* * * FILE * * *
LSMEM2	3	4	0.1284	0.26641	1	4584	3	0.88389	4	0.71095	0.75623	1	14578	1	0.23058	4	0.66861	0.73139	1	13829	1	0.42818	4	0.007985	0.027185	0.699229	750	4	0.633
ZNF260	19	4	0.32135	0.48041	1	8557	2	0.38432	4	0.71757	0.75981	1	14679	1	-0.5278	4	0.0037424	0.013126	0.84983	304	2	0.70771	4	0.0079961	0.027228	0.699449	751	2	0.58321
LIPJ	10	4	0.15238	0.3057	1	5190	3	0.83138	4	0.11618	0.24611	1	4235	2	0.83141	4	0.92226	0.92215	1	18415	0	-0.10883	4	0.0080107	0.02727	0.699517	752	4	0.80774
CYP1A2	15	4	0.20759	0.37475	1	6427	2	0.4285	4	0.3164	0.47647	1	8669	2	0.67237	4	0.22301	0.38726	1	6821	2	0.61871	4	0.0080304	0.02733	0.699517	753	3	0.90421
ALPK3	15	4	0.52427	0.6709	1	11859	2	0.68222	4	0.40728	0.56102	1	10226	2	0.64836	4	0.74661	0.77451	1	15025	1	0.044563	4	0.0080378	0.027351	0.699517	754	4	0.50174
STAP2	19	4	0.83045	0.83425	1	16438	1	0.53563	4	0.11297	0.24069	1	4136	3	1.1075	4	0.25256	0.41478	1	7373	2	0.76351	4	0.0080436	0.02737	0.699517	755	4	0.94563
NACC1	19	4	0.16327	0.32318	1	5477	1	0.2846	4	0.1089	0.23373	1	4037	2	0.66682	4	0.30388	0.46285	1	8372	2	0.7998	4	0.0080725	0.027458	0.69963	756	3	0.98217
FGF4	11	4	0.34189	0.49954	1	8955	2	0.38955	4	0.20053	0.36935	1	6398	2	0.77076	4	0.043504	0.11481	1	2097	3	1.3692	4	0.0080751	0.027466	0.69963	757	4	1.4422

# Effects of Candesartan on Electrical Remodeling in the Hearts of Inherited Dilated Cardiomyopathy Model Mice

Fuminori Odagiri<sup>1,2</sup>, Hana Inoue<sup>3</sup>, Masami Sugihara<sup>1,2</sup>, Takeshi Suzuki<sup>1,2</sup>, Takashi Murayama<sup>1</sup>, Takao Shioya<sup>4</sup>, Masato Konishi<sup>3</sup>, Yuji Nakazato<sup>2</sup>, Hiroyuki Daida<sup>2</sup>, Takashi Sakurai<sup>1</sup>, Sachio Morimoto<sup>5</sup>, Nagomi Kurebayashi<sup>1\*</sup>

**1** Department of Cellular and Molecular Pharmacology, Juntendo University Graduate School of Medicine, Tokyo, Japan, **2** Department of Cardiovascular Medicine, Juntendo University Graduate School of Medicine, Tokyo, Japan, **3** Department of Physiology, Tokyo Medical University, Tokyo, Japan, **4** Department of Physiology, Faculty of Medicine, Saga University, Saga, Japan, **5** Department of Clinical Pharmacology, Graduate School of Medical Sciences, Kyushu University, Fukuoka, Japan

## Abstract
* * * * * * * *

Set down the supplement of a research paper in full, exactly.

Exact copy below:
LSMEM2	3	4	0.1284	0.26641	1	4584	3	0.88389	4	0.71095	0.75623	1	14578	1	0.23058	4	0.66861	0.73139	1	13829	1	0.42818	4	0.007985	0.027185	0.699229	750	4	0.633
ZNF260	19	4	0.32135	0.48041	1	8557	2	0.38432	4	0.71757	0.75981	1	14679	1	-0.5278	4	0.0037424	0.013126	0.84983	304	2	0.70771	4	0.0079961	0.027228	0.699449	751	2	0.58321
LIPJ	10	4	0.15238	0.3057	1	5190	3	0.83138	4	0.11618	0.24611	1	4235	2	0.83141	4	0.92226	0.92215	1	18415	0	-0.10883	4	0.0080107	0.02727	0.699517	752	4	0.80774
CYP1A2	15	4	0.20759	0.37475	1	6427	2	0.4285	4	0.3164	0.47647	1	8669	2	0.67237	4	0.22301	0.38726	1	6821	2	0.61871	4	0.0080304	0.02733	0.699517	753	3	0.90421
ALPK3	15	4	0.52427	0.6709	1	11859	2	0.68222	4	0.40728	0.56102	1	10226	2	0.64836	4	0.74661	0.77451	1	15025	1	0.044563	4	0.0080378	0.027351	0.699517	754	4	0.50174
STAP2	19	4	0.83045	0.83425	1	16438	1	0.53563	4	0.11297	0.24069	1	4136	3	1.1075	4	0.25256	0.41478	1	7373	2	0.76351	4	0.0080436	0.02737	0.699517	755	4	0.94563
NACC1	19	4	0.16327	0.32318	1	5477	1	0.2846	4	0.1089	0.23373	1	4037	2	0.66682	4	0.30388	0.46285	1	8372	2	0.7998	4	0.0080725	0.027458	0.69963	756	3	0.98217
FGF4	11	4	0.34189	0.49954	1	8955	2	0.38955	4	0.20053	0.36935	1	6398	2	0.77076	4	0.043504	0.11481	1	2097	3	1.3692	4	0.0080751	0.027466	0.69963	757	4	1.4422

# Effects of Candesartan on Electrical Remodeling in the Hearts of Inherited Dilated Cardiomyopathy Model Mice

Fuminori Odagiri<sup>1,2</sup>, Hana Inoue<sup>3</sup>, Masami Sugihara<sup>1,2</sup>, Takeshi Suzuki<sup>1,2</sup>, Takashi Murayama<sup>1</sup>, Takao Shioya<sup>4</sup>, Masato Konishi<sup>3</sup>, Yuji Nakazato<sup>2</sup>, Hiroyuki Daida<sup>2</sup>, Takashi Sakurai<sup>1</sup>, Sachio Morimoto<sup>5</sup>, Nagomi Kurebayashi<sup>1\*</sup>

**1** Department of Cellular and Molecular Pharmacology, Juntendo University Graduate School of Medicine, Tokyo, Japan, **2** Department of Cardiovascular Medicine, Juntendo University Graduate School of Medicine, Tokyo, Japan, **3** Department of Physiology, Tokyo Medical University, Tokyo, Japan, **4** Department of Physiology, Faculty of Medicine, Saga University, Saga, Japan, **5** Department of Clinical Pharmacology, Graduate School of Medical Sciences, Kyushu University, Fukuoka, Japan

## Abstract